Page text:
Popular Economics Weekly
Consumer spending and future economic growth will depend on just how hard New Fed Governor Janet Yellen pushes the Federal Reserve Governors to maintain QE3 in 2014. She is a UC Berkeley economist interested more in creating jobs, and most of the Governors are bankers that would rather fight the fear of inflation than focus on keeping interest rates low enough to create those jobs. The December unemployment report was terrible, needless to say, with just 74,000 net nonfarm payroll jobs added.
It’s a contest between the Austerians (or Taperians), such as Fed Governors Lacker and Fisher that would end QE3 sooner vs. the Accomodators, such as Minneapolis Fed Governor Kacherlakota, which would like credit to remain easy until the unemployment rate drops below 6 percent—perhaps to 5.5 percent and closer to full employment. So how much will Dr. Yellen resist further tapering of QE3 is a big question to be answered at her first January FOMC meeting.
Taking out autos and gasoline, November consumer spending wasn’t that bad, but it could be all the holiday shopping, which is seasonal and could drop in January. So this is one indicator that will help decide what the Fed Governors do next with new Fed Governor Janet Yellen.
The latest retail sales report suggests a moderately healthy consumer sector-somewhat in contrast to the December employment report. Overall retail sales in December rose 0.2 percent, following an upwardly revised gain of 0.7 percent the month before (originally up 0.4 percent). Analysts forecast no change for the overall December figure.
As expected, autos tugged down sharply on sales. Motor vehicle & parts dropped 1.8 percent after a 1.9 percent increase in November. Excluding both autos and gasoline, sales advanced a healthy 0.6 percent in December, following a 0.3 percent gain in November. In the core, strength was seen in food & beverage stores, health & personal care, clothing, nonstore retailers, and food services & drinking places.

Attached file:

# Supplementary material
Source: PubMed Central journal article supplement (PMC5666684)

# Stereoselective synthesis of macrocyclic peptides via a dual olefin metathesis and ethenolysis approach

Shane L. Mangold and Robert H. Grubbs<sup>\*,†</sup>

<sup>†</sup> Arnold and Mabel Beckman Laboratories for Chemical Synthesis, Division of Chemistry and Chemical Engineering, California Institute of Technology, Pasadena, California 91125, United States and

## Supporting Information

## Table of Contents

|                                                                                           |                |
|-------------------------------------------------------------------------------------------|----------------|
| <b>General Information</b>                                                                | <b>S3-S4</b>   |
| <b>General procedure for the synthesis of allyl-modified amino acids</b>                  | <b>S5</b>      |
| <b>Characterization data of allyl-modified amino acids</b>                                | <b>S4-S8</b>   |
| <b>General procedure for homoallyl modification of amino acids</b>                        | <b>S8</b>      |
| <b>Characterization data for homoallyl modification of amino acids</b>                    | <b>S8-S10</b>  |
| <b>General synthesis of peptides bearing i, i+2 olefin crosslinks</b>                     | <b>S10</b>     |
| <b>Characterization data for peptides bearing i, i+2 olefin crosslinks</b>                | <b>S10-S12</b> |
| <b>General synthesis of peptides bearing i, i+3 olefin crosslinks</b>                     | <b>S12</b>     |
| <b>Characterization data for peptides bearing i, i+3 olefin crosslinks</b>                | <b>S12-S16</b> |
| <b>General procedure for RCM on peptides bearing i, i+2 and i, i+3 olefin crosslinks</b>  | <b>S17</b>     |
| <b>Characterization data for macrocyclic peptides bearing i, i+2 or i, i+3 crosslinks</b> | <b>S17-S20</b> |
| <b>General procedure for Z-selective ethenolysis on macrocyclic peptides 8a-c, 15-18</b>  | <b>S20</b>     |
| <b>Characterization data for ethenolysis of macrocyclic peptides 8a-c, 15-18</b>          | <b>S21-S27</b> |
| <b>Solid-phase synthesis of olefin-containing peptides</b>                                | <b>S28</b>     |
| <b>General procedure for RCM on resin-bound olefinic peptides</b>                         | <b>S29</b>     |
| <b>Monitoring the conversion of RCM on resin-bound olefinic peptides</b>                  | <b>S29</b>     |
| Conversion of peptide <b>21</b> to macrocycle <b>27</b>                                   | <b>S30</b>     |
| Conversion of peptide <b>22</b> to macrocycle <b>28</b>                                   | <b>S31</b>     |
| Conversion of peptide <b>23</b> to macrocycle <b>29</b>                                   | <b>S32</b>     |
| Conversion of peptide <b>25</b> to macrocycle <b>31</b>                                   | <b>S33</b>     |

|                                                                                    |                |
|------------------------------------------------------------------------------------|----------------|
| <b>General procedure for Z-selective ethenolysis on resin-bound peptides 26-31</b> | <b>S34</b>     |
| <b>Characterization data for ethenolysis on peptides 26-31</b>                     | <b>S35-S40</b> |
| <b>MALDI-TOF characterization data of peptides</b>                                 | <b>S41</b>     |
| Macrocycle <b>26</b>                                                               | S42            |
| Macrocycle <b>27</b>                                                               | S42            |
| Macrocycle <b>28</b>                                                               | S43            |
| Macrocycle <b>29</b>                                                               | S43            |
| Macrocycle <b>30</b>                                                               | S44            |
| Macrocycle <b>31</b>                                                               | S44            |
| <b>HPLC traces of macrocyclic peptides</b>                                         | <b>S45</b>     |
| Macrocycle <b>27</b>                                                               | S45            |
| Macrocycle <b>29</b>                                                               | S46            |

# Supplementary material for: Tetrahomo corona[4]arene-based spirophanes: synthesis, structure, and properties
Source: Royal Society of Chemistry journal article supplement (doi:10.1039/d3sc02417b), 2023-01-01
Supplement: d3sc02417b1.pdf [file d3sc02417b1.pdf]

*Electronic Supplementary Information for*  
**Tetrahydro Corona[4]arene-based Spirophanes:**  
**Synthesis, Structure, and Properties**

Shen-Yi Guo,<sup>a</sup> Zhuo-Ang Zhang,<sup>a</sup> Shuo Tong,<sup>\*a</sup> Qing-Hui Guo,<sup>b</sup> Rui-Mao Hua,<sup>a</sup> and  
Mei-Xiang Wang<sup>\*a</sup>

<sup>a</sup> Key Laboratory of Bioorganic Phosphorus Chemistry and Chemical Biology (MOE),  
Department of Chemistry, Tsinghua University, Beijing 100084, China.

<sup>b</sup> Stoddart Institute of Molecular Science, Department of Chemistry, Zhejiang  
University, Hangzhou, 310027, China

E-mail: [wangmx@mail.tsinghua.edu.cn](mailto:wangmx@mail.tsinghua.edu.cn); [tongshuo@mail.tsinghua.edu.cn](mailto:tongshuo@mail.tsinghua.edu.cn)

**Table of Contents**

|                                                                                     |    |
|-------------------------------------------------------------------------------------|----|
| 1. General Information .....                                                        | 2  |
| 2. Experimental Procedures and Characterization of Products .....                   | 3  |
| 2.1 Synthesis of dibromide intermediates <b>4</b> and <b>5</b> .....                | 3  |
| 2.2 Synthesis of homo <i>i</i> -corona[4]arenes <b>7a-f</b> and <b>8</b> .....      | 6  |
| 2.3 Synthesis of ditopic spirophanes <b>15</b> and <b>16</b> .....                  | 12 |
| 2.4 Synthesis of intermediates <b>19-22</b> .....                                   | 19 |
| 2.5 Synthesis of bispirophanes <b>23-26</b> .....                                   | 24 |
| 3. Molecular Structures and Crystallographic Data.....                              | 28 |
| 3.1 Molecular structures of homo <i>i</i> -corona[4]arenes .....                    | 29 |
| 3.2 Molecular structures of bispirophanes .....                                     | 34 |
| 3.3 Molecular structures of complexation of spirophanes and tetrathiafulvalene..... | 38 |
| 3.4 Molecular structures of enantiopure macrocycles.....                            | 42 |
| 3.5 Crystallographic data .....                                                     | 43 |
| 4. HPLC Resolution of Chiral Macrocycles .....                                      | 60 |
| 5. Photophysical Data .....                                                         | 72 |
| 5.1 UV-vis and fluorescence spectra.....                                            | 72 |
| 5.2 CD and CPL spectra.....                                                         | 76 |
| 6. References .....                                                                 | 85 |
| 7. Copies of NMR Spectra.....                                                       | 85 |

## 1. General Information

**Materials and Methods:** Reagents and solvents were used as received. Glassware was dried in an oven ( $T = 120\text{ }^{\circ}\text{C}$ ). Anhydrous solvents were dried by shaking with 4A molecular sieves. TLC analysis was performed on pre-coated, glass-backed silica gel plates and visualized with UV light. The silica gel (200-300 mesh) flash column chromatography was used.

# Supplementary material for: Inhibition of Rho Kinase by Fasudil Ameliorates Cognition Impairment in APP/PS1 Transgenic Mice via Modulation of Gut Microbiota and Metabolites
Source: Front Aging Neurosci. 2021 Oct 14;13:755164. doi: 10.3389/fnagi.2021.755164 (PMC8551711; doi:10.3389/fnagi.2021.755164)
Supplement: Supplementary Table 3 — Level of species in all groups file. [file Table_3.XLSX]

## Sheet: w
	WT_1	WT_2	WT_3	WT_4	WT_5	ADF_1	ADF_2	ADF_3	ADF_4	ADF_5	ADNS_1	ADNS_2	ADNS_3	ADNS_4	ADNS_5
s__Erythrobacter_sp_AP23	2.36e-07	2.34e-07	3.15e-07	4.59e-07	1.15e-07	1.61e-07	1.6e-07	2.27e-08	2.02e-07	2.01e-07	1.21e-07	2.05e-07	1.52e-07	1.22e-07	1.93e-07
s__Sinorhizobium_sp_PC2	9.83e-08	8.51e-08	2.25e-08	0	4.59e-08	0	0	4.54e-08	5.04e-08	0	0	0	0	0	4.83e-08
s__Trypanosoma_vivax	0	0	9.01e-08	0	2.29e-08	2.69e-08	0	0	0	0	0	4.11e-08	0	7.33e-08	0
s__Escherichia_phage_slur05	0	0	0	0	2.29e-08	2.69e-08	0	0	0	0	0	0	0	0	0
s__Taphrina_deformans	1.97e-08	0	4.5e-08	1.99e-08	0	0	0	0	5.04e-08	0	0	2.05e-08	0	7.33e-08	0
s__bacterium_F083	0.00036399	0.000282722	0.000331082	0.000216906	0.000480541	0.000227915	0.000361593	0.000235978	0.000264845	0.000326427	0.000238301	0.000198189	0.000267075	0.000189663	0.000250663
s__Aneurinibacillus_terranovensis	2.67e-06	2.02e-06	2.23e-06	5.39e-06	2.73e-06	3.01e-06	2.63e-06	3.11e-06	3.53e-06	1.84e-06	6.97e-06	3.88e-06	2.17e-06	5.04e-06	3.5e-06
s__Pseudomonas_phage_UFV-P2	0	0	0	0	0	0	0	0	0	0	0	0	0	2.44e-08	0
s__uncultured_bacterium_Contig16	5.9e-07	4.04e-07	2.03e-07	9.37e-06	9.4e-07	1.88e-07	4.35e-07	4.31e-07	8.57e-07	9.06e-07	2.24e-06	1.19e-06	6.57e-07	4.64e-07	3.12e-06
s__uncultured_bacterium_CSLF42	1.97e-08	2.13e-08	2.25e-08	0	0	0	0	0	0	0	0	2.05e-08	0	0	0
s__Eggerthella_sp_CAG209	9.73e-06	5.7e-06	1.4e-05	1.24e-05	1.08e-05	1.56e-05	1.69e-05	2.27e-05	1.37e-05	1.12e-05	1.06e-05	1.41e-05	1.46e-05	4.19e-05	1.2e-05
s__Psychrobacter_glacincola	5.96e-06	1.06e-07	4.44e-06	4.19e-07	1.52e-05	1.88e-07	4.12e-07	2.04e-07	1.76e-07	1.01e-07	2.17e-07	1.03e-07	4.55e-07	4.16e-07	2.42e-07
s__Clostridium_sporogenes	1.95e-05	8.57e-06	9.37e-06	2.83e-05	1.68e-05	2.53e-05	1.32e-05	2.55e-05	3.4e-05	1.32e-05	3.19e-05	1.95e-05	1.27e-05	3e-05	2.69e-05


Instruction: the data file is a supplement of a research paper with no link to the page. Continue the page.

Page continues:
Consumers are also modestly optimistic about the economy, based on the expansion of consumer credit. (This could have a lot to do with those low interest rates, which include mortgage rates, and it is such low mortgage rates that have boosted housing prices.) Consumer credit rose $12.3 billion in November—a solid gain. Details showed a rare back-to-back gain for revolving credit, up a modest $0.5 billion but following a $4.0 billion gain in October which was the third largest gain of the whole recovery. The last time revolving credit rose 2 months in a row was back in January and February of last year.
So maybe we will have a Yellen rally, based on her well-publicized views on the importance of the labor side (vs. the owners, including corporations) in a strong economy—especially the 80 percent of wage and salary workers whose incomes haven’t risen at all with inflation since 2000.
Harlan Green © 2013
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